As we continue to focus on value-based care, where quality and costs are extremely important, there has been an increasing emphasis on practicing evidenced-based medicine. Researchers are now beginning to collect data and evidence not only on clinical matters, but also on issues such as whether patient-centered medical homes truly work or if technology definitely lowers costs. As knowledge is accumulated on what works and what does not, increased vigilance using the information is necessary. Historically, in healthcare, even when proclaimed, evidence based practices are slow to be adopted.
There are numerous reasons why this avoidance of using such practices occurs. Study design is one. Frequently, a study is constructed from a purely scientific standpoint, yet the design does not fit everyday practice or reality. On the flip side, when we design trials that mimic reality, the science is challenging to translate due to the many variables. An additional major barrier occurs when outcome trials are published after a given practice has become mainstream. It is very hard to cease a given practice after it has become a habit, even if proven to not be beneficial. We underestimate the difficulty of stopping an activity once it has become embedded in actions.
As we consider the various trials around diet and exercise, they lack the foresight of implementation, which requires personal behavioral changes. This year is the 20th anniversary of a landmark trial showing the benefits of a certain type of diet and its relationship to hypertension and heart disease. Acceptance of this diet has been abysmal and of course the blame has fallen on the clinicians for not promoting the proven intervention. That could not be further from the truth. The bigger issue is that we have not studied how to implement the results from the individual’s perspective. We need to coordinate evidenced-based outcomes data with evidenced-based tools that demonstrate how to transform behavior. Whether gaming models, uncomplicated apps, or motivational interviewing, tying the mode of engagement and activation to the evidence-based data will become increasingly important if evidenced based practices are to be accepted by clinicians and those we serve.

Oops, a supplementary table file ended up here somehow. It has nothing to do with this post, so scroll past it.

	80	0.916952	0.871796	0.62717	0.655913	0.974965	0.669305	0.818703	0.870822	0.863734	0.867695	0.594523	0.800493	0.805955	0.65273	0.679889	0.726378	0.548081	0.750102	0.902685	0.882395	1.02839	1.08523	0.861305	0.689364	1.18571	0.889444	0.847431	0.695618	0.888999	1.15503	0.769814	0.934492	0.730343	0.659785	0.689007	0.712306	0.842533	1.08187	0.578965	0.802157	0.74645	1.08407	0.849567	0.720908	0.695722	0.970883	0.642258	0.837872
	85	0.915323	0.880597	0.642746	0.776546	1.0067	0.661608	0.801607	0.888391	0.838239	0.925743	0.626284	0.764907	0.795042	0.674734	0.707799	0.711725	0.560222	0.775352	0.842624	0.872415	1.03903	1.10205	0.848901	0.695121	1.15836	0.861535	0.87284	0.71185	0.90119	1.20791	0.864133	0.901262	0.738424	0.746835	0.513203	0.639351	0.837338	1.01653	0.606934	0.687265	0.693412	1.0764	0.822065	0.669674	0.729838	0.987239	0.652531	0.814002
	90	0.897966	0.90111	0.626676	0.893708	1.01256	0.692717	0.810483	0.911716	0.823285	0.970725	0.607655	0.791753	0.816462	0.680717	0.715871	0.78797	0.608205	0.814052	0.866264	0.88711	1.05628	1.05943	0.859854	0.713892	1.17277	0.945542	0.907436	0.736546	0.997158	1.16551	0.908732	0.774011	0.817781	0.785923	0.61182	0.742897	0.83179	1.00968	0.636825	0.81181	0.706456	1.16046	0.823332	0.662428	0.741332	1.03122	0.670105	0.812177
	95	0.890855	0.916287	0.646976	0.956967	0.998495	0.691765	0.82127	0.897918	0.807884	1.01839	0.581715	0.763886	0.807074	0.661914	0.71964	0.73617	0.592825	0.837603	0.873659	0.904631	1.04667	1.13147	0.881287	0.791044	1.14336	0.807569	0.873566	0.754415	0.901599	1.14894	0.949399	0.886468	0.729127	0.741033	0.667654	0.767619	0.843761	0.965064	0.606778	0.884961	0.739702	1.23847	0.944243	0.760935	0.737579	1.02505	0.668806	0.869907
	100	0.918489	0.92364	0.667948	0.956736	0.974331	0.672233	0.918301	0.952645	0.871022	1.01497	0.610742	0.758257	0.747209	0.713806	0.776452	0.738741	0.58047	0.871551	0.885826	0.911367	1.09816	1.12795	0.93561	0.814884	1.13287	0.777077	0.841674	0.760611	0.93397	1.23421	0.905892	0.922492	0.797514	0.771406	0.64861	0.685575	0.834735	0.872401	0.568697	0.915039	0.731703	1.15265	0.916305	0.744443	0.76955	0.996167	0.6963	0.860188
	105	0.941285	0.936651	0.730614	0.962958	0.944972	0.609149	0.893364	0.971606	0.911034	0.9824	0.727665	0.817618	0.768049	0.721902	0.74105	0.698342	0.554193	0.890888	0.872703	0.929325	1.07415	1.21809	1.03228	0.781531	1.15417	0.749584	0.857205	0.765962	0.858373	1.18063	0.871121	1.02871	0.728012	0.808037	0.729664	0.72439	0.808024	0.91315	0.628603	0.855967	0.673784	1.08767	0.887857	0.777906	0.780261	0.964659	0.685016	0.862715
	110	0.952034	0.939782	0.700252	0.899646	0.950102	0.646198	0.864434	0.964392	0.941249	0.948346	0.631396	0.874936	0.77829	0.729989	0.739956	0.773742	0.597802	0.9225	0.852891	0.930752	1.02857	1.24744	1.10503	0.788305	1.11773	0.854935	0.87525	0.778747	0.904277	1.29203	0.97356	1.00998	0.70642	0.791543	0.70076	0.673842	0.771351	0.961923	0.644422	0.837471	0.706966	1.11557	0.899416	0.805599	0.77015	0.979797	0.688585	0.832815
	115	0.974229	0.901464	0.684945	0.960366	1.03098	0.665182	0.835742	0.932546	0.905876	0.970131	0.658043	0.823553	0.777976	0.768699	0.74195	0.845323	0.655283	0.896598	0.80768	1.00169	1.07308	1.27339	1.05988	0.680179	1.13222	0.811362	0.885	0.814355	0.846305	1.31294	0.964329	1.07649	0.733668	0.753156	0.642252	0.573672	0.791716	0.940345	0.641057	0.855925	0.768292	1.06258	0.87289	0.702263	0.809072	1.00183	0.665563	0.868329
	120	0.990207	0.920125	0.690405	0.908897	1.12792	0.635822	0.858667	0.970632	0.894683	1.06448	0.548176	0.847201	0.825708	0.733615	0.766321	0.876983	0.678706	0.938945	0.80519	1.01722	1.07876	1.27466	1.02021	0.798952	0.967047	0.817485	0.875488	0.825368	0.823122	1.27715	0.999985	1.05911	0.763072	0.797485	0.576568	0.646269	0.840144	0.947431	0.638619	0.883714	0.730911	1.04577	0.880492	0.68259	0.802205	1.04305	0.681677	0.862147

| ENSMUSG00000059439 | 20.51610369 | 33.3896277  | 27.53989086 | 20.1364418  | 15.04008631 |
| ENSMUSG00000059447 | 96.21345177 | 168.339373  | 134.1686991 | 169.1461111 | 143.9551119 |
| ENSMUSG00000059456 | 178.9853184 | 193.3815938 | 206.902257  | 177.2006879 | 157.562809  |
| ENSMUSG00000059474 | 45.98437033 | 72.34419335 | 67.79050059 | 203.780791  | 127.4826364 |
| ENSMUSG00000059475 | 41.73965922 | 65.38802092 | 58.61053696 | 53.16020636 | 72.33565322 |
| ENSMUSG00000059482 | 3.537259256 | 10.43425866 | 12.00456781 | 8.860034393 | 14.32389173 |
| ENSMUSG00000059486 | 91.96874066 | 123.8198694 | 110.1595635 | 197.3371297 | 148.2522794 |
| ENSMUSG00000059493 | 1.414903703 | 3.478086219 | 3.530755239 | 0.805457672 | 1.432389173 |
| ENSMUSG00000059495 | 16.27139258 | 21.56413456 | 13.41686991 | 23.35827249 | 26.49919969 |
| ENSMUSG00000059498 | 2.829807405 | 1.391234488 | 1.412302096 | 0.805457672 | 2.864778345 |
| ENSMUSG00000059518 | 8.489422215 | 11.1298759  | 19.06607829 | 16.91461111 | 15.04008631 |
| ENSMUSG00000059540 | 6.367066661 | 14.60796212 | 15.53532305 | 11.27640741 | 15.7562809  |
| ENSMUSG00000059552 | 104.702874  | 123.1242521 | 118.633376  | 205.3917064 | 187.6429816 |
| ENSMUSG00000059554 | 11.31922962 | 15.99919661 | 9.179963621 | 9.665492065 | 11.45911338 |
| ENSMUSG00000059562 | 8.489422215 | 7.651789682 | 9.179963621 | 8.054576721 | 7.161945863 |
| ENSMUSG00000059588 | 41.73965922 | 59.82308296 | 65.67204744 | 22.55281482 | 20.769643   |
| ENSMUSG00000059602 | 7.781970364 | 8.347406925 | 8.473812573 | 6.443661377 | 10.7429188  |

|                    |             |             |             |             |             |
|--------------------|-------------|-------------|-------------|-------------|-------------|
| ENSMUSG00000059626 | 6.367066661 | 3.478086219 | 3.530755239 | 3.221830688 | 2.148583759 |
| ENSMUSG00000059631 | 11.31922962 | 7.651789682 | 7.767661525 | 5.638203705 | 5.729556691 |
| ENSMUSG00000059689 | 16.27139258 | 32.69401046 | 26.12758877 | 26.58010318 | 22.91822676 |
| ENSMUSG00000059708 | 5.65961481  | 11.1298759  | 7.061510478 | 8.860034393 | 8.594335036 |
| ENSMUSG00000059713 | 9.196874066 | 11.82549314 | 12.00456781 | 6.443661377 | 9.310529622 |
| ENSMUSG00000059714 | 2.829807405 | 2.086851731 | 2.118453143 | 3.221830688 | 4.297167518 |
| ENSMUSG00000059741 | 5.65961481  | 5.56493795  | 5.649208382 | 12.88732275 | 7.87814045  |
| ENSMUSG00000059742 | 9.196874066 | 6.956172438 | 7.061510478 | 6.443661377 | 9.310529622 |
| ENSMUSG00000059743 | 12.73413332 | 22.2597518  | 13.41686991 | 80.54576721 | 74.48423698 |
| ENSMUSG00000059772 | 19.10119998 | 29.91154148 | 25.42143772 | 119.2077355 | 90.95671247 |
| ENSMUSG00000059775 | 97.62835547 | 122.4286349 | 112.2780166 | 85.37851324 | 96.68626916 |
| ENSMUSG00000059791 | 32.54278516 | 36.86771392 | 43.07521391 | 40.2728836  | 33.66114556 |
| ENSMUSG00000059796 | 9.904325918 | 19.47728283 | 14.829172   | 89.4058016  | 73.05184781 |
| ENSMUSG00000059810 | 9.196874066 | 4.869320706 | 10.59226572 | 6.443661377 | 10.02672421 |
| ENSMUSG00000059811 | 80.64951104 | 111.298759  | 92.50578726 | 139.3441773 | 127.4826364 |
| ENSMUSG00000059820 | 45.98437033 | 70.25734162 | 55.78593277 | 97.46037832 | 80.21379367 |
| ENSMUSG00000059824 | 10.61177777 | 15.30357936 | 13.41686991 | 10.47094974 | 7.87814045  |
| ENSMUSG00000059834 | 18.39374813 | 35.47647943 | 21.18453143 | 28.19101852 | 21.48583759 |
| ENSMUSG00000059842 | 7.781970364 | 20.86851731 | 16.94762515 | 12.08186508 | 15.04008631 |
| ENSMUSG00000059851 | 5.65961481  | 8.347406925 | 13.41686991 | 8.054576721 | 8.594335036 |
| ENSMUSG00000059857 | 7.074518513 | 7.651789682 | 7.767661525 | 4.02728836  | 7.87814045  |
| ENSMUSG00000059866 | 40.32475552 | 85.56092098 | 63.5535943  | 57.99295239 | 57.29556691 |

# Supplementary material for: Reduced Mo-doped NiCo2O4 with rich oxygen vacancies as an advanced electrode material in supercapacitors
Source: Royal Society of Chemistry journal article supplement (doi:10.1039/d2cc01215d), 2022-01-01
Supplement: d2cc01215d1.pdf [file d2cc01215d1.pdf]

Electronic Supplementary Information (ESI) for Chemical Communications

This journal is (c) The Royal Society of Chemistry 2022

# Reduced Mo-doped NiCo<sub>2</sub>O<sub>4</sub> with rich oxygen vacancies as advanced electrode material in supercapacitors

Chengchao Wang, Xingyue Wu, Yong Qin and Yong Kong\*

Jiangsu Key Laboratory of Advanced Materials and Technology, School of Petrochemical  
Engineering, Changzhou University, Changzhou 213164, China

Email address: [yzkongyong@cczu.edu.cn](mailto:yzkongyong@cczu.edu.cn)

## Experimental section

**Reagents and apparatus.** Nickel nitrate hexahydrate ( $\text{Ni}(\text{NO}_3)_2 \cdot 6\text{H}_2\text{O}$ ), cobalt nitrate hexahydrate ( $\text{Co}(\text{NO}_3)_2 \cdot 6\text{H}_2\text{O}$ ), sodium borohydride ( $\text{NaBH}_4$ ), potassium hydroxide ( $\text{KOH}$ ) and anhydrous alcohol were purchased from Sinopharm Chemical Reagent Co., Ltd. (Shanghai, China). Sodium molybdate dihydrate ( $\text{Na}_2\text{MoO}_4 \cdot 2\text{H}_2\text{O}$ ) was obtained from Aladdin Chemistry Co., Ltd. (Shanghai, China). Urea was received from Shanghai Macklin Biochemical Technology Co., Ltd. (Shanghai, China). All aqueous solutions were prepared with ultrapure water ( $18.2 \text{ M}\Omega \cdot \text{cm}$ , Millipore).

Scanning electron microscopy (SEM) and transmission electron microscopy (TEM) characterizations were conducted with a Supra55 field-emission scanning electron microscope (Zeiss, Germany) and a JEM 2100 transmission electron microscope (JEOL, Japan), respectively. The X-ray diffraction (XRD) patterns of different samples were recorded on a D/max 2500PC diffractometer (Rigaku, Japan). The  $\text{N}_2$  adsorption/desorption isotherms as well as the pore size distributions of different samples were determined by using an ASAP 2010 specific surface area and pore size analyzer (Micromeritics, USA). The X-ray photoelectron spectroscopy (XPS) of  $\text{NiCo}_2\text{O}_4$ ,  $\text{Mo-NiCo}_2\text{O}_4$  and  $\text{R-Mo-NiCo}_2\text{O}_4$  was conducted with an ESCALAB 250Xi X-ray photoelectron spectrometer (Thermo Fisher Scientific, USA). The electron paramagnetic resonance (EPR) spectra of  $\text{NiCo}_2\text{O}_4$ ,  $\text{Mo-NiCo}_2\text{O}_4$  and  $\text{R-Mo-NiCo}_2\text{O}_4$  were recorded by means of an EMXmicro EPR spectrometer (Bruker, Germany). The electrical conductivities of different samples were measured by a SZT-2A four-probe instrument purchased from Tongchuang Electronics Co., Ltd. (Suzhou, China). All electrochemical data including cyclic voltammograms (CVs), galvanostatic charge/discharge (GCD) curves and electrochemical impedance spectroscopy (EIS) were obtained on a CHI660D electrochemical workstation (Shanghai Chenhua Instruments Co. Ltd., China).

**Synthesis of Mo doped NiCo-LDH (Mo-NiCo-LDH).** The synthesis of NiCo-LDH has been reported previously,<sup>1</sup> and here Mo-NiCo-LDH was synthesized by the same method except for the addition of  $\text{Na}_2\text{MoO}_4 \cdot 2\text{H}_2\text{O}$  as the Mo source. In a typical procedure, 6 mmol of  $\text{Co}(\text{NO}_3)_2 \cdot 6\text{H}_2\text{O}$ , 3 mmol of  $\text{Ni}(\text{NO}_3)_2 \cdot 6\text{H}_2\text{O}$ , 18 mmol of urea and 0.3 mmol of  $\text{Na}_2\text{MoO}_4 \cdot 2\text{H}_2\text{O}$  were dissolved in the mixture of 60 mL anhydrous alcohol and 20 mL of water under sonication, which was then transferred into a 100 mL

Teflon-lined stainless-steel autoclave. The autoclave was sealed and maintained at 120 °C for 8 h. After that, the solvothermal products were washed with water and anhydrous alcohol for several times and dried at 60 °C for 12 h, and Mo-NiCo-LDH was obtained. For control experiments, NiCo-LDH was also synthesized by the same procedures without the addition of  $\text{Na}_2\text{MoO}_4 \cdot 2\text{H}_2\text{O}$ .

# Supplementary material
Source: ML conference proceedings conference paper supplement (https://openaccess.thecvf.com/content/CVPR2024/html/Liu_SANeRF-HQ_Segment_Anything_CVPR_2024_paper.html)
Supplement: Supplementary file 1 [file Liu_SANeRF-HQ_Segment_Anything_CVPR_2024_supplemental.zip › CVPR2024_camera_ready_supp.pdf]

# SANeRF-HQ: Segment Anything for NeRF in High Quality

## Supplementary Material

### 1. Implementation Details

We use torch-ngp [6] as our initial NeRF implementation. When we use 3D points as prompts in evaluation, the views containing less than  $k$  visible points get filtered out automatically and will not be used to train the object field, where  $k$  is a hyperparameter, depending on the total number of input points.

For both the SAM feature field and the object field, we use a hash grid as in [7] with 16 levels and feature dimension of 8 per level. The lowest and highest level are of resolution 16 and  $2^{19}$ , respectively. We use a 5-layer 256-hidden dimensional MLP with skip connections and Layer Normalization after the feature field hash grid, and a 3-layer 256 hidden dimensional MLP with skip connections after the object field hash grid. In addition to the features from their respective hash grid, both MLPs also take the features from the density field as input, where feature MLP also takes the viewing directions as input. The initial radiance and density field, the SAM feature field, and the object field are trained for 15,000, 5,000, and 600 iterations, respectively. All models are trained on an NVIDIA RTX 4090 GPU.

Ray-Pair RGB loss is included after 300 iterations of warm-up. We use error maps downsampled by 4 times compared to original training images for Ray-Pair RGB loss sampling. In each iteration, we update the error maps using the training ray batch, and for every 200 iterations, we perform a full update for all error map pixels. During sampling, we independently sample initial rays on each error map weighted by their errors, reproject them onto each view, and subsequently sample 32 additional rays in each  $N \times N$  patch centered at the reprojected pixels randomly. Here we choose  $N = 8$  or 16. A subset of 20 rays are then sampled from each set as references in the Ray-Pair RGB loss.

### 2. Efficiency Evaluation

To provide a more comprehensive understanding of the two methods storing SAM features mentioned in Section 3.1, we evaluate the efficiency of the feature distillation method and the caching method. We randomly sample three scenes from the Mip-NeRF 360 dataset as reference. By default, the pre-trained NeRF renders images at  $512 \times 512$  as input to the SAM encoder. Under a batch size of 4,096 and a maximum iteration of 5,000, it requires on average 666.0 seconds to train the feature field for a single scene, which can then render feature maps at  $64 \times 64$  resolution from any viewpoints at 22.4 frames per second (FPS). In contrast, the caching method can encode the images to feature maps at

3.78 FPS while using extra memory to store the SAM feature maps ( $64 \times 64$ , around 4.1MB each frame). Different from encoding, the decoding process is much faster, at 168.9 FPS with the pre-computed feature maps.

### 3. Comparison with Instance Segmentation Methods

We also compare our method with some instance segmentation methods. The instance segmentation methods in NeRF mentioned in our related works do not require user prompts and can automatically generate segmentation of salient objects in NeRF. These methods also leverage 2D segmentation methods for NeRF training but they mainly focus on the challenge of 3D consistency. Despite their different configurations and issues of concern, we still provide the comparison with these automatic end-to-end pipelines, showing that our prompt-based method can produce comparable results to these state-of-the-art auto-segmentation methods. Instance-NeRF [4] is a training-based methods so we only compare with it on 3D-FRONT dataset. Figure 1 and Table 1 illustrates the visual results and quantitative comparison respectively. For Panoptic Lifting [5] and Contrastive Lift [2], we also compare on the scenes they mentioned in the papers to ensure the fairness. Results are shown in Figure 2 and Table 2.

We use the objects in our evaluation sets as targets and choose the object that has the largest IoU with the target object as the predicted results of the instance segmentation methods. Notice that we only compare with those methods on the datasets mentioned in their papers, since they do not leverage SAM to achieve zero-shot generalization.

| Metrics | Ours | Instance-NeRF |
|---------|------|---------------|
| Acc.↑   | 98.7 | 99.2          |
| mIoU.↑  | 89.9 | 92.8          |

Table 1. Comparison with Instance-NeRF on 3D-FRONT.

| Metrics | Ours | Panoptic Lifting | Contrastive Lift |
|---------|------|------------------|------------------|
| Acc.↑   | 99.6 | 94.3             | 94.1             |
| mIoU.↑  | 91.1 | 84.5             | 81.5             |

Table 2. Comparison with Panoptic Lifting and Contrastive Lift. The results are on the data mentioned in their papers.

We as clinicians are also given mixed messages by our subject matter experts. A prime example concerns statin therapy for primary prevention. Two different highly respected guideline bodies have reviewed the same evidence and published different recommendations.. These discrepancies create confusion both for the clinician and the patient. Usually when these schisms occur, we default to a place in our heads that basically says, “if the experts do not agree, I might as well do what I deem best, with or without evidence. “
As a true profession, we must rally around the concept of creating one set of guidelines and recommendation regardless of the issue. We let perfection get in the way of what should actually be the focus, improving adherence to evidence-based practices, both at the clinician and the patient level.